Jive just acquired Meetings.io, being the first distinct WebRTC acquisition.
Acquisitions around WebRTC have started. A bit too early I think, making things very interesting in this space. Less than two weeks after TokBox acquisition by Telefonica, Meetings.io gets acquired by Jive.
Up until this week, I haven’t known a lot about Jive, but I had my own experiences with dealing with social enterprise platforms – which is what Jive offers.
With TokBox, I don’t think the focus of the acquisition was WebRTC but rather the APIs they offered and the developer community that they have amassed already – this can be easily seen by the emphasis placed since the acquisition on the figure of 5,000 businesses using the platform (most do so with Flash at the moment).
Jive made it pretty clear why they are acquiring Meetings.io on their website:
JIVE, IN REAL TIME: Jive acquires Meetings.io. Because social business only gets better face to face and in real time.
This one is all about WebRTC. Social platforms live in the web – they use it as their only interface to their user base (I am ignoring mobile here on purpose). As such, the only way for them to offer video chat is by employing WebRTC.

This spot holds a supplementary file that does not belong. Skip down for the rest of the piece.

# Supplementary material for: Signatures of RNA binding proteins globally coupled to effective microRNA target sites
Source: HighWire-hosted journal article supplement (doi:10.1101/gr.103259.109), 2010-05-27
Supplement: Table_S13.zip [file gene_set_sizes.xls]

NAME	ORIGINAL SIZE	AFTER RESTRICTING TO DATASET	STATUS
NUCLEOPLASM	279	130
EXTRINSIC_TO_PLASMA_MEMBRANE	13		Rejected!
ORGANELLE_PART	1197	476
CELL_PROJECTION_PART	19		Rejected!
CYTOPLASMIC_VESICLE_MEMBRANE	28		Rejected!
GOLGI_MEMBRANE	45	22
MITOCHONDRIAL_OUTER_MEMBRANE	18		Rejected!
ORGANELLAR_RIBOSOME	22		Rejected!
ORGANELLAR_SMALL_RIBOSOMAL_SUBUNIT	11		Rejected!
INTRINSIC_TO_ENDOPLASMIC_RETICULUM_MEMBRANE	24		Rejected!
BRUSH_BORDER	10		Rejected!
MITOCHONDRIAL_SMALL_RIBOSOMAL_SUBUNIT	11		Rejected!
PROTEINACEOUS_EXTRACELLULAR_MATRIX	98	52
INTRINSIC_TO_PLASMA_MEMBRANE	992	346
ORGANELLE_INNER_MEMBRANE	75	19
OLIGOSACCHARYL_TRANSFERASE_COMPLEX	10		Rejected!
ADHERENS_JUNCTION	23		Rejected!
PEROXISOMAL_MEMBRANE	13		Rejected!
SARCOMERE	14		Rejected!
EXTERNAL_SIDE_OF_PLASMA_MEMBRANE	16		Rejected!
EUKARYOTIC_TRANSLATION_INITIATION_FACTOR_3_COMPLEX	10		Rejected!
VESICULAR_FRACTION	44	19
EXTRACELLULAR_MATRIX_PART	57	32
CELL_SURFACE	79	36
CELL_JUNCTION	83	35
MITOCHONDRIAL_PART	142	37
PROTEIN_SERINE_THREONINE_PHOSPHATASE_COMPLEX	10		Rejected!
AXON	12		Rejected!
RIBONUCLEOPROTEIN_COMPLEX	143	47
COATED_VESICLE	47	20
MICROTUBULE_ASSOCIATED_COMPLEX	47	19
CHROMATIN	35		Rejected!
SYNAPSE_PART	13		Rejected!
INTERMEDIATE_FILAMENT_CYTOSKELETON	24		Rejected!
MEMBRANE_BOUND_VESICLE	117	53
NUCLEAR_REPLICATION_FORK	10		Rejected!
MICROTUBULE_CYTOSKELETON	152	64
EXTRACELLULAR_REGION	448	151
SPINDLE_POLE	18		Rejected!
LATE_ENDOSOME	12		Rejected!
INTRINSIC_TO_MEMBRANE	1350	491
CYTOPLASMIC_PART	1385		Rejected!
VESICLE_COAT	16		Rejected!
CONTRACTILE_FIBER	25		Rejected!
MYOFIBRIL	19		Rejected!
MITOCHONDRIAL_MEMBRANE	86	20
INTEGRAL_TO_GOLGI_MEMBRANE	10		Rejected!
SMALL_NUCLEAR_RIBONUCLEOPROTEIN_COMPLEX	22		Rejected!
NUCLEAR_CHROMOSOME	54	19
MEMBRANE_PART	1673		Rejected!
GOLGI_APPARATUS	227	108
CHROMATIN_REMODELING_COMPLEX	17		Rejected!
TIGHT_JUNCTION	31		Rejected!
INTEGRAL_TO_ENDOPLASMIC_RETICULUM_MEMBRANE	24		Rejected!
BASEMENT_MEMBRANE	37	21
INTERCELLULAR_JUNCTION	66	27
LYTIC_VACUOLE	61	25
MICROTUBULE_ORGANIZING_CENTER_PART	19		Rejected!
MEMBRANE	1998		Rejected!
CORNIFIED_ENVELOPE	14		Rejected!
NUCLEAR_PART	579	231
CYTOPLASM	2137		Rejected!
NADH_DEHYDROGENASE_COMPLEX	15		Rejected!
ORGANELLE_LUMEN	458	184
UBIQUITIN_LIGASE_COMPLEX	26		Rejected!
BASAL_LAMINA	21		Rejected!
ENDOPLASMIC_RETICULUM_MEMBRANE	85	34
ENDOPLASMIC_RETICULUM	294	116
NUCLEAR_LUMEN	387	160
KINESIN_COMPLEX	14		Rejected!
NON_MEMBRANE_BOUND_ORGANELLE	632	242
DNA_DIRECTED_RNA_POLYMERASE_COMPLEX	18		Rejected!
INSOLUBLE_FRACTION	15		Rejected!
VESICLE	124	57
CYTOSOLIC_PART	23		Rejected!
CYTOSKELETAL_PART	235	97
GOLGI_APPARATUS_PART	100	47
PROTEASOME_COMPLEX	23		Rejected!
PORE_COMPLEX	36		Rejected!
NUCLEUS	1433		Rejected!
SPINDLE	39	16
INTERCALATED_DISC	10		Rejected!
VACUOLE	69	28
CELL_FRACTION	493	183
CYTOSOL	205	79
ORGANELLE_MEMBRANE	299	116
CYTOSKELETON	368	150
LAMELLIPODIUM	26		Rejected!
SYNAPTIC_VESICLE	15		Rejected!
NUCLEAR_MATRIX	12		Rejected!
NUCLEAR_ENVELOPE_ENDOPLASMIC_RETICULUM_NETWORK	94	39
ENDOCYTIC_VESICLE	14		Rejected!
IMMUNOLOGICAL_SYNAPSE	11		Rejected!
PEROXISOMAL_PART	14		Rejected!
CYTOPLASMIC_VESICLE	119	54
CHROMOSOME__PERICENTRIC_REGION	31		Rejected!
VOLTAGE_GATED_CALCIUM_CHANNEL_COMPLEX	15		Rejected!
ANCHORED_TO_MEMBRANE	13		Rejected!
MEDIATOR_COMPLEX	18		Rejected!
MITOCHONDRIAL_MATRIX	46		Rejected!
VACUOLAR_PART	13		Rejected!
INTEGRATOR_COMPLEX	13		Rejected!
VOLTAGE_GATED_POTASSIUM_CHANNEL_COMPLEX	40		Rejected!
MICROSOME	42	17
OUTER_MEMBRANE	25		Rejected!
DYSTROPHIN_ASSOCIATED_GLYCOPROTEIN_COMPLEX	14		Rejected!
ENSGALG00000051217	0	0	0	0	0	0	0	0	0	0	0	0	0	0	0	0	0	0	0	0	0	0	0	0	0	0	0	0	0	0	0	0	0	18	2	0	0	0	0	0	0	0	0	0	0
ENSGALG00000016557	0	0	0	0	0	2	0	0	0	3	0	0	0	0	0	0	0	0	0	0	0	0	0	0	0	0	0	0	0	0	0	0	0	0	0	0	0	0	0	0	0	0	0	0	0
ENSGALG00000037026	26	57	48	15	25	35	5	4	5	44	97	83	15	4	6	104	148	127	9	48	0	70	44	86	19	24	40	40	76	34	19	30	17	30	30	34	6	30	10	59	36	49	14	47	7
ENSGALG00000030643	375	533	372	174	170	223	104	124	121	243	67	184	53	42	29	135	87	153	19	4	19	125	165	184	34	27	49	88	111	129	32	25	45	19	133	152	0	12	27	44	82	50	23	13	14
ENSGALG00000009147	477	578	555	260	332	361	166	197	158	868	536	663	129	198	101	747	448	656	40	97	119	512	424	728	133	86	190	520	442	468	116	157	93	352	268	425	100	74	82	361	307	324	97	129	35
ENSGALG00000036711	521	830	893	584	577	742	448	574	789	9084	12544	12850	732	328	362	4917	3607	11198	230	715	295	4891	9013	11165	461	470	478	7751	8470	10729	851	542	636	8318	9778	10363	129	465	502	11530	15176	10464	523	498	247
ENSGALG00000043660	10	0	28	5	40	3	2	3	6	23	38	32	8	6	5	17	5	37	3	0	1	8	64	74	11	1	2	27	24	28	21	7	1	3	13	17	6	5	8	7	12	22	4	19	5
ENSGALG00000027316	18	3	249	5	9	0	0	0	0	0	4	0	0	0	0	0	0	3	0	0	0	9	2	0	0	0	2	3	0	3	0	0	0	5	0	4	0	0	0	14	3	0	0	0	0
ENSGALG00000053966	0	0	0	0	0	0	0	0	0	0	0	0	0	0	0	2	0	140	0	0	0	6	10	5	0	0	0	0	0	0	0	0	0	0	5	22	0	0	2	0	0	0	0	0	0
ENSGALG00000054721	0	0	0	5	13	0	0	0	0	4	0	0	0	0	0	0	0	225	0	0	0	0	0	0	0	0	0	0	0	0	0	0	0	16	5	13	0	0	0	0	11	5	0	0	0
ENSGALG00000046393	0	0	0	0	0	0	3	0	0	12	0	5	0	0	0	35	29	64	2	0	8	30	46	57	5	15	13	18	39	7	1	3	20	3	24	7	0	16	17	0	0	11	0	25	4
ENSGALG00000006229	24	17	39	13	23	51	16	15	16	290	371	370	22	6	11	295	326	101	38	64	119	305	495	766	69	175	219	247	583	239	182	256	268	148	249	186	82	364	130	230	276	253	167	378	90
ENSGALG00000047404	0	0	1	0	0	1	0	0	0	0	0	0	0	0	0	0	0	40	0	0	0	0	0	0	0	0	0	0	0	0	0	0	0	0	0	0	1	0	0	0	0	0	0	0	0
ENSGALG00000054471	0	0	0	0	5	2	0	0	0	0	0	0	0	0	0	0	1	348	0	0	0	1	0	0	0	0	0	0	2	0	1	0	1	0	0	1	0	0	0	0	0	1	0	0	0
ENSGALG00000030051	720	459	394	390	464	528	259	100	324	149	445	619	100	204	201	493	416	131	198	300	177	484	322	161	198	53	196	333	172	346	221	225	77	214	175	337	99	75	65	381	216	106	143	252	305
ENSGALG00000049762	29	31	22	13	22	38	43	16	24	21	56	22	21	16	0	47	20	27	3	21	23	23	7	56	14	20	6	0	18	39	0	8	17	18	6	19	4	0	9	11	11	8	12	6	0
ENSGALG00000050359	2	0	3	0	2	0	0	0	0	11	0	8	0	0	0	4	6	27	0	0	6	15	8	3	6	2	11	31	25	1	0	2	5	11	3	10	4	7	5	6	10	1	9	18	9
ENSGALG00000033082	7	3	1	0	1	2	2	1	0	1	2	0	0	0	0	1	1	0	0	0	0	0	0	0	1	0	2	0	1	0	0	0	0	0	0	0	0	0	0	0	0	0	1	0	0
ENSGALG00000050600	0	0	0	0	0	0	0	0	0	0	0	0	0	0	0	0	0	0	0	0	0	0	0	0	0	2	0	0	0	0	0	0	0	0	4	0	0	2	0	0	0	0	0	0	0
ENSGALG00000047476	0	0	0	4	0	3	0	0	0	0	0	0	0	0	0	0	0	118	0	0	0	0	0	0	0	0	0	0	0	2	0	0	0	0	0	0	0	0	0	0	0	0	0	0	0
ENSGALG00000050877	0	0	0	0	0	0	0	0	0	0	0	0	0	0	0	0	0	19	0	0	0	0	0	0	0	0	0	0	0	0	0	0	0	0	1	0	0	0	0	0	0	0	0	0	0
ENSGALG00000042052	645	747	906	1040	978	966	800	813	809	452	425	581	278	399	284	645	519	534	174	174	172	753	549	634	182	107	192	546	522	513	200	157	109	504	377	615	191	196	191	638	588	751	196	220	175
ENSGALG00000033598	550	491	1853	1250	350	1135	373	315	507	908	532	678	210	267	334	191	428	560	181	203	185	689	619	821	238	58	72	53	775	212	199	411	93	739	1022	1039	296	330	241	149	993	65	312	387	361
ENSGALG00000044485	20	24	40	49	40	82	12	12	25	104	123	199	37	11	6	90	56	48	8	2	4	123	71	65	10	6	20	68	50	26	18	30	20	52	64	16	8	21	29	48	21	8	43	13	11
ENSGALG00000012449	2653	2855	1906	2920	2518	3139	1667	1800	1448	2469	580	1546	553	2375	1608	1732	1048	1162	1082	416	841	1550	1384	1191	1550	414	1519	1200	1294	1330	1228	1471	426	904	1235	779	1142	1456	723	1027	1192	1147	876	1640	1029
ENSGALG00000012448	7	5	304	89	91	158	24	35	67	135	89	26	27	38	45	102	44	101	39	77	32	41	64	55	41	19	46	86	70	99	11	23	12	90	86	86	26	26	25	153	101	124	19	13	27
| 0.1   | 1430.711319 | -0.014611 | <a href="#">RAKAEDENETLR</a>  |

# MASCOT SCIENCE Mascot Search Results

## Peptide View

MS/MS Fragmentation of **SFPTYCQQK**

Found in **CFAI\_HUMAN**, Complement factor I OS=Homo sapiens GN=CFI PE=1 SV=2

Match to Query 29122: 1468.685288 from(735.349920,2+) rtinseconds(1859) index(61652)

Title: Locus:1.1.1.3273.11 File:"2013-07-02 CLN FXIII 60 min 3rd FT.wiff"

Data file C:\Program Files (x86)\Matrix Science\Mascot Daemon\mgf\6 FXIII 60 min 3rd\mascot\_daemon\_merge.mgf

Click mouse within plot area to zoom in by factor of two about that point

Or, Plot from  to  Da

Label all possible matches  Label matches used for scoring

Meetings.io was a startup company that wanted to be Google Hangouts without the Google part of it. In a way, what they offered was a simple multipoint video conferencing solution: a full service offering. Through the acquisition of Jive, they are going to be “downgraded” into a level of a feature/capability within the Jive platform. I consider it a good thing.
My takeaway from this move by Jive?
- WebRTC is here to stay. As time goes by, the amount of skepticism that is seen (especially from the UC and enterprise video conferencing camps) is going to diminish. WebRTC is becoming a real player in the collaboration market.
- The companies that are embracing WebRTC are not VoIP companies, who are going to be disrupted, but rather web centric companies.
- Jive is web centric. Had nothing to do with VoIP, but is now going to offer such a service by employing WebRTC through this acquisition
- Twilio and Voxeo, who are early entrants to WebRTC are NOT VoIP companies though they do have VoIP – they both web centric in their offerings and interface
- Voice and video are slowly but surely shifting from a status of services and products into a status of features. Expect to see more acquisitions and mash ups of this kind where voice and video communication is added to an existing platform.
- There is value for asynchronous social communities in real time interactions. Facebook has real reasons to use WebRTC instead of using Skype. So does any other online community: gaming, dating, traveling, etc.